Tuesday, November 13, 2012

Solving a gazookis




Rex Stout's Archie Good
win calls it a ``gazookis'' when
a miscreant imposes an
unsolvable problem (seem
ingly?) upon Nero Wolfe.
That's what I faced, a
gazookis, when peering
across a sea of big sagebrush,
camera in hand, and presum
ing to photograph a black-
tailed jack rabbit.
Jack rabbits aren't rabbits,
by the way. They're hares.
That's because they're born
furry and with their eyes
open. Just so we know.
Anyway, this gazookis de
veloped when the 10th (or
29th?) person in about a
month confessed to never
having seen a Lepus
californicus
And mo ost of them had
spent years, some even dec
ades, right here in the shrub-
steppe of Eastern Washing
ton, a well-known (although
dwindling) black-tailed jack
rabbit habitat.
I, of course, have seen
dozens, many about 30 min
utes from my front door, at
Wallula Junction.
So, I went to the Wallula
Management Habitat Unit to
document the presence of
black-tailed jack rabbits with
my trusty Nikon camera.
When I parked along the
wash-boarded North Shore
Road and opened the tailgate
for Sadie the Dalmatian, I
looked across the landscape
thick with sage.
``Oooops,'' I said to Sadie.
``What we have here is a
gazookis.''
I realized, you see, that rab
bits don't pose in profile for a
photo beneath a sage bush.
They burst into zig-zagging
blurs among, around and
through the bushes.
Only once, according to my
99.9-percent total recall, had a
black-tailed jack rabbit jogged
in view long enough for me to
snap a photo. For about 10
seconds. Maybe five. And I
carried no camera, of course.
It sat on a dirt road when
Sadie saw it. She charged and
the rabbit bounded along in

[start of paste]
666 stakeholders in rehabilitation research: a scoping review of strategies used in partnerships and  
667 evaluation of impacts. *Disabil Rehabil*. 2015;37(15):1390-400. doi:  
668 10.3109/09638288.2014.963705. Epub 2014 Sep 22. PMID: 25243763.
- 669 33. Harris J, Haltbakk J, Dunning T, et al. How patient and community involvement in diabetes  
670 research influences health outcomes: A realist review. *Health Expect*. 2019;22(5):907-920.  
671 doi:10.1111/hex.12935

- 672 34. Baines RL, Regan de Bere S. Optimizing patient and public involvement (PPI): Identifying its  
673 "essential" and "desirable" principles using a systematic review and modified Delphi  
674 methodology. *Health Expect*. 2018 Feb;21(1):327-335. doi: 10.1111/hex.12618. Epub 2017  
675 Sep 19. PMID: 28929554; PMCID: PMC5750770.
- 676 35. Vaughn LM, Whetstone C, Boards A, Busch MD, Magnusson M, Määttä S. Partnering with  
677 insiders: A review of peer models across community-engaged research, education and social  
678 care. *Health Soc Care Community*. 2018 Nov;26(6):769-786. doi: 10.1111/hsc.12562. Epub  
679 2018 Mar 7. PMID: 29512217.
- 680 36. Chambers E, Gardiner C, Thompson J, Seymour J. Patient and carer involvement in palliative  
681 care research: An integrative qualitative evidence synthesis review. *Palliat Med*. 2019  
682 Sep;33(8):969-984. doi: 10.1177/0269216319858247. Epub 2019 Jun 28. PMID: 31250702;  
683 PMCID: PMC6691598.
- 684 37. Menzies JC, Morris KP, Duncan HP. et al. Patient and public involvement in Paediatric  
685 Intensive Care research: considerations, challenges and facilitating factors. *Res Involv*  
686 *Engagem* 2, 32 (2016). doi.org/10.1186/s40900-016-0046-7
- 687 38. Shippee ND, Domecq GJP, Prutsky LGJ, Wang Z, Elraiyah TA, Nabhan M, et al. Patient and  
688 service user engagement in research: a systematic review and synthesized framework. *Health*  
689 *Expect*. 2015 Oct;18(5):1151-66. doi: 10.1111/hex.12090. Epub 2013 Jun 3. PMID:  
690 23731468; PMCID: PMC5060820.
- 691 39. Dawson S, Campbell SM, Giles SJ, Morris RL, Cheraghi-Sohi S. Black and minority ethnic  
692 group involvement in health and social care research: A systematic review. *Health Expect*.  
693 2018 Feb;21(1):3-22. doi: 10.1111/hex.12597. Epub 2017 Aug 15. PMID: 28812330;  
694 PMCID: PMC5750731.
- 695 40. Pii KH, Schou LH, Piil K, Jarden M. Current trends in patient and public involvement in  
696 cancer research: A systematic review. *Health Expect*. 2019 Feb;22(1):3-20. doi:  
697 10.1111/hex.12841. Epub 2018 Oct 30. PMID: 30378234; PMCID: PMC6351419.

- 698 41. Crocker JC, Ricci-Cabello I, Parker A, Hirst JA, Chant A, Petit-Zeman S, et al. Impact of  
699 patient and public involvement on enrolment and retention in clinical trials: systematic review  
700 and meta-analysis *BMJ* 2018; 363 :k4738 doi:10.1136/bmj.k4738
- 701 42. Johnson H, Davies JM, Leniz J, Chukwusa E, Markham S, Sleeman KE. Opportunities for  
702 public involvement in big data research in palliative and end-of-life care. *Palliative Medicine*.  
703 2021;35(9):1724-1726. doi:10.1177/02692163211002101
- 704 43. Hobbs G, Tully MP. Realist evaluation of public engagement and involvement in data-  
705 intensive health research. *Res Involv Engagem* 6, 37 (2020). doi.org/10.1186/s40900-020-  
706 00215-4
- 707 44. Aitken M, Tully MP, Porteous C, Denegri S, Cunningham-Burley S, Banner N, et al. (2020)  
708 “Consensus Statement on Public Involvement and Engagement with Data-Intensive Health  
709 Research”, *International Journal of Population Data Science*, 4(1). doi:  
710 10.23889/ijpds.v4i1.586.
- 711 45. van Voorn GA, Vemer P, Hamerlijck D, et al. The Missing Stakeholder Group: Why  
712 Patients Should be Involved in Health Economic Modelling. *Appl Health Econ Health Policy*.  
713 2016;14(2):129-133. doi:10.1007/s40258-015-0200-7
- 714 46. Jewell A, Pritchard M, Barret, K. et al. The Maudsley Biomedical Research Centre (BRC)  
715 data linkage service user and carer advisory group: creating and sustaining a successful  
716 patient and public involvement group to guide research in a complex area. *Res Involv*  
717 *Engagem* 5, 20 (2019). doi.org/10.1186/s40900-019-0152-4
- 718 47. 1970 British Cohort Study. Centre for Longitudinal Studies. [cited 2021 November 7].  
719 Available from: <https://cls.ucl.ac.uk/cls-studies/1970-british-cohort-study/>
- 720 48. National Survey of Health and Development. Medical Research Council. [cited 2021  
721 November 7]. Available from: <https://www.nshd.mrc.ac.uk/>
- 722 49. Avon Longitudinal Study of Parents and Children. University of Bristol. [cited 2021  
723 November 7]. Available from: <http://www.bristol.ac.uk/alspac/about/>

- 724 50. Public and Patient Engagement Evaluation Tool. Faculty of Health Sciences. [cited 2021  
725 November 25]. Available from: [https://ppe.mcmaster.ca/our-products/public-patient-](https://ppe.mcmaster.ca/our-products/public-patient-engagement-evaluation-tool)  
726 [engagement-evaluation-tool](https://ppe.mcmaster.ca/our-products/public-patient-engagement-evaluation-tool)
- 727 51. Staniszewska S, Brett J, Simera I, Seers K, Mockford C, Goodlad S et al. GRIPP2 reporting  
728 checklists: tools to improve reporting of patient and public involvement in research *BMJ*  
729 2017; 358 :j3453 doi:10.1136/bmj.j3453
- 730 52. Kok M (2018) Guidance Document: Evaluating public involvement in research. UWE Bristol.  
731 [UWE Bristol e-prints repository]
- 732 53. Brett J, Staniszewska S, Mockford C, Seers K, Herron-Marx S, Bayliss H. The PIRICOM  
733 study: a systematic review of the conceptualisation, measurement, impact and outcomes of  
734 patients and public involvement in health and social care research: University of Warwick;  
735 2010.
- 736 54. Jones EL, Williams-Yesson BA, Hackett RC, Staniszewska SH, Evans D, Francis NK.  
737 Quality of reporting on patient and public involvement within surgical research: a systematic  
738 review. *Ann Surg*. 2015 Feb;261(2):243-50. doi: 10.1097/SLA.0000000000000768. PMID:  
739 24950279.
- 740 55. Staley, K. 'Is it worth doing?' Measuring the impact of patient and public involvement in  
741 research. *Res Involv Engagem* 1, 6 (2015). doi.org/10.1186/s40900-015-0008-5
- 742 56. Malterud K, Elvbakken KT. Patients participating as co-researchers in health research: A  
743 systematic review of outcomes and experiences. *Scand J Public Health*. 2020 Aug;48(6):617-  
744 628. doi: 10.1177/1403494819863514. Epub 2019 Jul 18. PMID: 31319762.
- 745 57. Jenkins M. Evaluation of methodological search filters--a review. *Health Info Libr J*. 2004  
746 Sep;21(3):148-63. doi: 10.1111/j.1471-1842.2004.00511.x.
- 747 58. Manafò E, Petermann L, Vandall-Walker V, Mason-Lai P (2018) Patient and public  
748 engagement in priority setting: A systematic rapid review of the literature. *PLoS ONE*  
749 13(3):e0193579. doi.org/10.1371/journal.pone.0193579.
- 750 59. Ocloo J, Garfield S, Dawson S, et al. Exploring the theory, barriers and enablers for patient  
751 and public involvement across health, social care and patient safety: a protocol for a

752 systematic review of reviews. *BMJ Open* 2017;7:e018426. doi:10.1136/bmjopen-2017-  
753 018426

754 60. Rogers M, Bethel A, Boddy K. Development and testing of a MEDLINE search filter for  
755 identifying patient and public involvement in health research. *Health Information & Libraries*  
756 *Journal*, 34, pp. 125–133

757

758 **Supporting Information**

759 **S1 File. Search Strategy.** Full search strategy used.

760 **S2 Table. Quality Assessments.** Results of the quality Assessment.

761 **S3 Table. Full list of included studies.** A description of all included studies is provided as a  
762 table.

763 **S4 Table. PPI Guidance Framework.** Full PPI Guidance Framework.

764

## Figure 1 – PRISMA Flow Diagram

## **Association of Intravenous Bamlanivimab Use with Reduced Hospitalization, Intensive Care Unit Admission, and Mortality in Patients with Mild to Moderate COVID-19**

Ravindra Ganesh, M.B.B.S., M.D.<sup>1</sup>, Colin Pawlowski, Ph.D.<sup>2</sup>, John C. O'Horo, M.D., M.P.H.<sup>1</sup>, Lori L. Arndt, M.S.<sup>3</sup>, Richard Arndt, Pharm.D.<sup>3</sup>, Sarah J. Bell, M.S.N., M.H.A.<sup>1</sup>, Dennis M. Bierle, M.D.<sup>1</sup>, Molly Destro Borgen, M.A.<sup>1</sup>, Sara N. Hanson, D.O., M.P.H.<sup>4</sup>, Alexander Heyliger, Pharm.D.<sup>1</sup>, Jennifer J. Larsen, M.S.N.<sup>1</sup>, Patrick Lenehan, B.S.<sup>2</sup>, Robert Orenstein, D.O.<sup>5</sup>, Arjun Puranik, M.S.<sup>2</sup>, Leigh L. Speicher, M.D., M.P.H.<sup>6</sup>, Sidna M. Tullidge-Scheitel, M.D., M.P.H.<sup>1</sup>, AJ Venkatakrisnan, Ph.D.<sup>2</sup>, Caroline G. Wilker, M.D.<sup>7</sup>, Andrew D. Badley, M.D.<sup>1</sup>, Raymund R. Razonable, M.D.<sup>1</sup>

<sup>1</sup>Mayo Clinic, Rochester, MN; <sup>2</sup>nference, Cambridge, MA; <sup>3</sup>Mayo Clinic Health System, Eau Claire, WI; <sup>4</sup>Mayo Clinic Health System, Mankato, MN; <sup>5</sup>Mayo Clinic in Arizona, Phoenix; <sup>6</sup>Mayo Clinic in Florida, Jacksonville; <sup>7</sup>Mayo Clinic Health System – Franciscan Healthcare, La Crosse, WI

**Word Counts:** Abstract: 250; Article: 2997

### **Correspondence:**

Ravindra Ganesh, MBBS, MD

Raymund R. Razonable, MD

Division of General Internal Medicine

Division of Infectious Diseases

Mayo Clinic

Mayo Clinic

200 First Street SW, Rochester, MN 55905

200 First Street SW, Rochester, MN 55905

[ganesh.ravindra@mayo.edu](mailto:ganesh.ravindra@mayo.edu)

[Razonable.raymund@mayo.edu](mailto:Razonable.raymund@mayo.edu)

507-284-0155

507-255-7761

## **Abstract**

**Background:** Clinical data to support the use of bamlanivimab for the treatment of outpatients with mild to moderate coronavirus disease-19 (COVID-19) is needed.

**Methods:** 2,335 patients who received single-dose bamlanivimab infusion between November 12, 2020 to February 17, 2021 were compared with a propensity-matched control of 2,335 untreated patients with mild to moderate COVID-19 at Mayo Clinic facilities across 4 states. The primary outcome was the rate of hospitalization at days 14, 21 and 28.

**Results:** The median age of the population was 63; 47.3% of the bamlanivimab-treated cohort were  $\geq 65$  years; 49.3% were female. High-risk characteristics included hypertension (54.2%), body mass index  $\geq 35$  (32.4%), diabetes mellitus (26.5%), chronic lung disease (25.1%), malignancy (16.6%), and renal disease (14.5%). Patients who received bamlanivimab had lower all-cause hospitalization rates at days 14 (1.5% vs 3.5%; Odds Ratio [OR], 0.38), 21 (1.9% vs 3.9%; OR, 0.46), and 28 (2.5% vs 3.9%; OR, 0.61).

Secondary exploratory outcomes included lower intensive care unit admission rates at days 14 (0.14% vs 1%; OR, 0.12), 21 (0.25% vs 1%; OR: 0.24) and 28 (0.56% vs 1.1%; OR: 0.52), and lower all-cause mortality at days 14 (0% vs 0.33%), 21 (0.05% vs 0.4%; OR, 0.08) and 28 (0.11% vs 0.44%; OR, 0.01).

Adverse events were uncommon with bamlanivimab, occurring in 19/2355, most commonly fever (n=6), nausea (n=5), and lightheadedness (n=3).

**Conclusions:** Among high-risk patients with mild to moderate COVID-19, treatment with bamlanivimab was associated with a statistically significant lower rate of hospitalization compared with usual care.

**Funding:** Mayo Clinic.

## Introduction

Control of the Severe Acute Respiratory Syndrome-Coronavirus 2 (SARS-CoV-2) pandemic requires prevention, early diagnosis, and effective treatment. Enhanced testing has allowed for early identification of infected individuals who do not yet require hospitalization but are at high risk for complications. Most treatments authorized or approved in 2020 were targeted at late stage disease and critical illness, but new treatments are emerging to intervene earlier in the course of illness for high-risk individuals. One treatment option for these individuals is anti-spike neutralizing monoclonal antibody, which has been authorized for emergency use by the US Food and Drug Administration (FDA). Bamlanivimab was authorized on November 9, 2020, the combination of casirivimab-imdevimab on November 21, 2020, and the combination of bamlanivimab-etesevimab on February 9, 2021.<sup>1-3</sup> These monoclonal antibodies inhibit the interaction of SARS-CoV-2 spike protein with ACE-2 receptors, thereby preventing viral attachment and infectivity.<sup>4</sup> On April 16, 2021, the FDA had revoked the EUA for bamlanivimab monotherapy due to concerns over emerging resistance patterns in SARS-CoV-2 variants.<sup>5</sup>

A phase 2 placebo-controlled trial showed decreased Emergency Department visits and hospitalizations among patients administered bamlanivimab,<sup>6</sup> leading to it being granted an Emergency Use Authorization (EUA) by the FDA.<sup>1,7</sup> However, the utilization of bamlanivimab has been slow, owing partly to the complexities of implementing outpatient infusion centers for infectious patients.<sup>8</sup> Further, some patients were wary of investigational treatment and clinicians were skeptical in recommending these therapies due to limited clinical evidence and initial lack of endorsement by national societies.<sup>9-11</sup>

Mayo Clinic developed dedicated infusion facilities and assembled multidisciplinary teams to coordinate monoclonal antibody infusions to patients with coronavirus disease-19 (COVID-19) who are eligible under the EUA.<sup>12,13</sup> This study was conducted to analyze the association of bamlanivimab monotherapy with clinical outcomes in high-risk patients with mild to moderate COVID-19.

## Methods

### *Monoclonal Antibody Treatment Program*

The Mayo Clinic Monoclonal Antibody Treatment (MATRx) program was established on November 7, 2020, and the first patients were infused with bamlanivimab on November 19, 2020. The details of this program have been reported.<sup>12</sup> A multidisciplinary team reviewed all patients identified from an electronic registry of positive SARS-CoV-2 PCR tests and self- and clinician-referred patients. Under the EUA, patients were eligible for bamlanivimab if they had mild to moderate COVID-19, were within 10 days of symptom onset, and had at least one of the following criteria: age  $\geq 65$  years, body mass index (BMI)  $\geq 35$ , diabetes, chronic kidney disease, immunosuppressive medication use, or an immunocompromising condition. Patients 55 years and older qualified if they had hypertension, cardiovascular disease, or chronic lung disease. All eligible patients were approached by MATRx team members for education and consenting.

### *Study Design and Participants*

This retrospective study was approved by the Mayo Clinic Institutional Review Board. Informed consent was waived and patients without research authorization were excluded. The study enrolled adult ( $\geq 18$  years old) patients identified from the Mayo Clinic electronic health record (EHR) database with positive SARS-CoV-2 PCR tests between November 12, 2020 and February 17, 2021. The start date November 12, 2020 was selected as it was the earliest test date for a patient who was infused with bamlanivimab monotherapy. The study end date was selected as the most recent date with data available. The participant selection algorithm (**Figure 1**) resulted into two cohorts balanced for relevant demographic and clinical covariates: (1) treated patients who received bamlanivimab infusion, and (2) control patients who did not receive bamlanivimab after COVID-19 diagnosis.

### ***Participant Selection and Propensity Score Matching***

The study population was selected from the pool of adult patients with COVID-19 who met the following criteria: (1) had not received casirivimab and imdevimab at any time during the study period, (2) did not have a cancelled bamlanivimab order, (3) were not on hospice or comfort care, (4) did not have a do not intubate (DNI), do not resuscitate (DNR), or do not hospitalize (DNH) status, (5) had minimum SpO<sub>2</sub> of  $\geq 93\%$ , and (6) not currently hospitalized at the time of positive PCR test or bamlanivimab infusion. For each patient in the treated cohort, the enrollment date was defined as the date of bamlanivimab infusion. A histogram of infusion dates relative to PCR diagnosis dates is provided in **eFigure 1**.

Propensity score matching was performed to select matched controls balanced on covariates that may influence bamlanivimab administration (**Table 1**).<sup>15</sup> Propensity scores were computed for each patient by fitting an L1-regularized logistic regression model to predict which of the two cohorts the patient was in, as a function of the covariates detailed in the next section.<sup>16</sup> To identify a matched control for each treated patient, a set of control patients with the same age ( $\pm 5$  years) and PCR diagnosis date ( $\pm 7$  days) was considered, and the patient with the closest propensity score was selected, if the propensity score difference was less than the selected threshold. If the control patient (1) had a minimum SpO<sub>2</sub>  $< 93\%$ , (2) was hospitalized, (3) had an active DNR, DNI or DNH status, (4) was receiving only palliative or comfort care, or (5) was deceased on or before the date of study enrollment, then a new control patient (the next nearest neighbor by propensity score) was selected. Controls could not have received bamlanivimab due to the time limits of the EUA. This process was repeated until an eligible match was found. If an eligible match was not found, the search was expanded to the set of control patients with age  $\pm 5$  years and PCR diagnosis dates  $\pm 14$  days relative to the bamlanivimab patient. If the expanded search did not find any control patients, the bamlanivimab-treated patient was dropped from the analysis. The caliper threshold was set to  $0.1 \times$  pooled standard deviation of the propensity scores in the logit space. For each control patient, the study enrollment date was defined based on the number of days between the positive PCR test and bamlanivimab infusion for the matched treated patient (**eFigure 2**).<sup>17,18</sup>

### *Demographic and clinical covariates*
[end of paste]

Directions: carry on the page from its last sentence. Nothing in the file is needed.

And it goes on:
clear view for about 40 yards,
or about 11 leaps (in each its
front feet hit the ground three
times before coiled-spring
back legs bolted it forward).
Sadie, then in her prime,
gained on the rabbit until,
with a move reminiscent of
Gayle Sayers on a muddy
gridiron, it cut on a dime, shot
to the left and disappeared
into the sage.
Sadie, her vision blinded by
the chase, dashed 10-yards
past the cutoff, slid to a stop
and, blushing, sniffed the
ground to suggest the rabbit
had disappeared into thin air.
Well, gazookis or not, I fig
ured to give it some shots.
I pulled on rain pants and
jacket (for brushing though
the wet sage) and looped the
Nikon with a 70-300 zoom
lens around my neck.
I wound the strap in my
hands, pulled it tight against
my nape to create tension and
steady the camera (like a
rifleman wraps a sling around
his arm).
I practiced zeroing in on
cans, bottles and bones as I
walked along.
And I kept my eyes peeled
and planted silent footsteps
on the sandy terrain.
A leashed Sadie could have
sniffed out a rabbit, but she
stayed glued to my right heel.
Dogs may be unleashed on
the unit area when in the
lawful pursuit of game.
Would she worry about get
ting lost? Humm.
In the nearly four hours
that we tramped around the
area, Sadie left my heel twice.
Once, near Millet Pond (a
wetlands rehabilitation area)
at the refuge edge, we found a
fallen ``shotguns only'' sign.
Sadie stood over it _ reading
it twice? _ with a pained
look, as if I had tricked her.
A second time I stepped on
a sharp-edged, inch-wide and
rusted hoop, possibly from an
old nail keg, and it flapped up
to bark my shin. It's the same
principal as stepping on a
rake.
``drat,drat,drat,''I growled.
Sadie, familiar with my
one-footed dance, wagged her
tail and moved away until I
finished. When I wiped away
the tears, we continued look
ing for a rabbit.
By then the morning drizzle
had abated, but fog clung to
ridges south of the river.
Brief flashes of sunlight il
luminated fog banks that
swirled around the giant wind
turbines high on the ridges.
And occasional sun beams
glistened on ice-clogged and
fog bound Sanctuary Pond.
A multitude of tracks in the
sand revealed the presence of
deer, porcupines (skunks?),
pheasants and coyotes. And I
scrutinized the havens be
neath sagebrush for a horned
toad (short-horned lizard), a
porcupine or a rabbit.
We walked two-plus miles
to the white cliffs and back.
We saw one pheasant, two
piles of coyote scat, and tons
of deer and rabbit droppings.
Yes, I took pictures. Scat
photos don't black-tailed jack
rabbits in full gallop.
But they prove there are
more ways than one solve a
gazookis.

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